(March 14, 12:18 p.m.) HOUSTON — The success of H.E. Butt Grocery Co. is due, in large part, to its focus on the needs of individual neighborhoods, an HEB executive told members of the Houston Fresh Fruit and Vegetable Association.

“Every H-E-B store is different by design,” said James Harris, director of supplier diversity for the San Antonio-based chain, at the association’s March 12 meeting. “There’s a plan behind that.”

H.E. Butt has more than 300 stores in Texas and Mexico, and with about $13.5 billion in sales in 2007, it was the 9th largest retailer in the country, Harris said. It is the largest privately held grocery chain.

The company uses its various platforms — H-E-B, H-E-B Plus, Central Market and Mi Tienda — to draw on the diverse population in Texas, Harris said. As director of supplier diversity, Harris ensures each department makes it a priority to buy from minority-owned businesses.

This practice is not solely based on altruistic notations, Harris said.

“It has to be financially based,” he said.

Harris pointed to the large ethnic population in Texas as an example. Texas ranks in the top four in ethnic population buying power for Asian, African-American, Hispanic and Native American populations, with a potential buying power of $286 billion.

To help buyers get in touch with more minority suppliers, H.E. Butt added a feature to its Web site for registration and verification of minority-owned suppliers. It takes about 20 minutes for suppliers to register, Harris said.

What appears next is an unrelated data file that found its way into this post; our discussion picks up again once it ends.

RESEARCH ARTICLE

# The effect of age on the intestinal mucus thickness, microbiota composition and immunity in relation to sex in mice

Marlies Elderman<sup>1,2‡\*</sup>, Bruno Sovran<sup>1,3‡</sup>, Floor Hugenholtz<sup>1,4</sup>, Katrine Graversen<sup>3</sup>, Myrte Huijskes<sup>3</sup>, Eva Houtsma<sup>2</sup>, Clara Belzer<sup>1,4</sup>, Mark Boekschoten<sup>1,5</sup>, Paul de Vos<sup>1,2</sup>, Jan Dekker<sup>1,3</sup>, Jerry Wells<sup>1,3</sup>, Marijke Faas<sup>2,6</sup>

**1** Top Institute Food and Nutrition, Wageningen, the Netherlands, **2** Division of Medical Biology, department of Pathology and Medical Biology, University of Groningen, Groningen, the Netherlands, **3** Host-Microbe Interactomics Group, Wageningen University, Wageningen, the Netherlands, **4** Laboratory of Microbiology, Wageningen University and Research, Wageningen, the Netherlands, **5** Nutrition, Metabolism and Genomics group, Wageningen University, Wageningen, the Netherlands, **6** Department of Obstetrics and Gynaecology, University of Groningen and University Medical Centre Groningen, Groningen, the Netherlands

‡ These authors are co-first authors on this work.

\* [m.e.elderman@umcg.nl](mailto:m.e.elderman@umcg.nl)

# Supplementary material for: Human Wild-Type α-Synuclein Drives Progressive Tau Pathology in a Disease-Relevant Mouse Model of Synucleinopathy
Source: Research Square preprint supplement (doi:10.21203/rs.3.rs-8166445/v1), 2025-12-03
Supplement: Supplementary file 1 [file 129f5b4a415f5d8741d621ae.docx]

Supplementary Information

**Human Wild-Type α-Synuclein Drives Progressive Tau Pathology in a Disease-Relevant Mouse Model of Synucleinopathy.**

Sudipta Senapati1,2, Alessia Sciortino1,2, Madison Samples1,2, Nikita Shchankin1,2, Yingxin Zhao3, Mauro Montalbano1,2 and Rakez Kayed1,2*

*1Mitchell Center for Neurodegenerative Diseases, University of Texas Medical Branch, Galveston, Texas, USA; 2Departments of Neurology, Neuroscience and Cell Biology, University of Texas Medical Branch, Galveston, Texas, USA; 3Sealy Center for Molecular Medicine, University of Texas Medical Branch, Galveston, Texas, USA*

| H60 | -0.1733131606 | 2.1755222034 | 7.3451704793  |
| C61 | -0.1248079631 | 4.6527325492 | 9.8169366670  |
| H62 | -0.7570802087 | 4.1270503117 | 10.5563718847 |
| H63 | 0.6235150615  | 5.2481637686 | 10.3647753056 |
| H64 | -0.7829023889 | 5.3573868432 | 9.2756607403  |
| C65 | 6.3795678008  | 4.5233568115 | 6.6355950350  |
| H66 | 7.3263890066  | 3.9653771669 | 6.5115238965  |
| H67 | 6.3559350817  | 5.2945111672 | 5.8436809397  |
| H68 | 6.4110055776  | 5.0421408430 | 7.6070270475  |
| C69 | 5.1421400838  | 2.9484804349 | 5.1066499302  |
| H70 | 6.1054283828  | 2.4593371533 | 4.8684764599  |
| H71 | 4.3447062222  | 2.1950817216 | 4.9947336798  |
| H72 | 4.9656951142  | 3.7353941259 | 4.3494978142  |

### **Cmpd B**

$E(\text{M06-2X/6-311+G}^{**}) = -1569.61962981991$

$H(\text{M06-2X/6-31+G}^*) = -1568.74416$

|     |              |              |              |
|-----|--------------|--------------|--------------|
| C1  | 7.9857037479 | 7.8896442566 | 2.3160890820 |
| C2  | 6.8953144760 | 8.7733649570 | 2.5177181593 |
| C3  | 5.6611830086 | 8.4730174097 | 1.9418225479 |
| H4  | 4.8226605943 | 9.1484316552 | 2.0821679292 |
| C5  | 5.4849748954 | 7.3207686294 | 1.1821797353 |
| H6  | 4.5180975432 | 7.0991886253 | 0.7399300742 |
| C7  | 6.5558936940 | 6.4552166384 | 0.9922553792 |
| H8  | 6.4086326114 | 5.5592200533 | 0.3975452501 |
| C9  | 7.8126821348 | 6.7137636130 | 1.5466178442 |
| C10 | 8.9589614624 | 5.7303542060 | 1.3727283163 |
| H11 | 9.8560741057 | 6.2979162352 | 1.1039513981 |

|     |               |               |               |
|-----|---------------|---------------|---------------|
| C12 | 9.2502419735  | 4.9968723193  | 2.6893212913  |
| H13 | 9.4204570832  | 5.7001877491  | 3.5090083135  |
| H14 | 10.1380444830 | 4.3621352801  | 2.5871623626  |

Once they are in the system, buyers can sort the potential suppliers they choose to work with based on whether they are minority-owned or minority-supplied, in addition to the standard categories.

“This helps them do more business with minority suppliers where it makes sense,” Harris said.


H.E. Butt is also expanding its farmers market programs, which it started in one of its San Antonio stores.

The company offered to host its local suppliers in front of the store to sell seasonal produce in a farmers market-type atmosphere. Each grower was allowed to set up their own booth and sell produce at their own prices and keep all of the proceeds.

The program was a success, Harris said, because it drew more traffic to the stores that participated.

“It allowed us to build a relationship with customers outside of the store,” he said. “We’re going to be doing more of these projects.”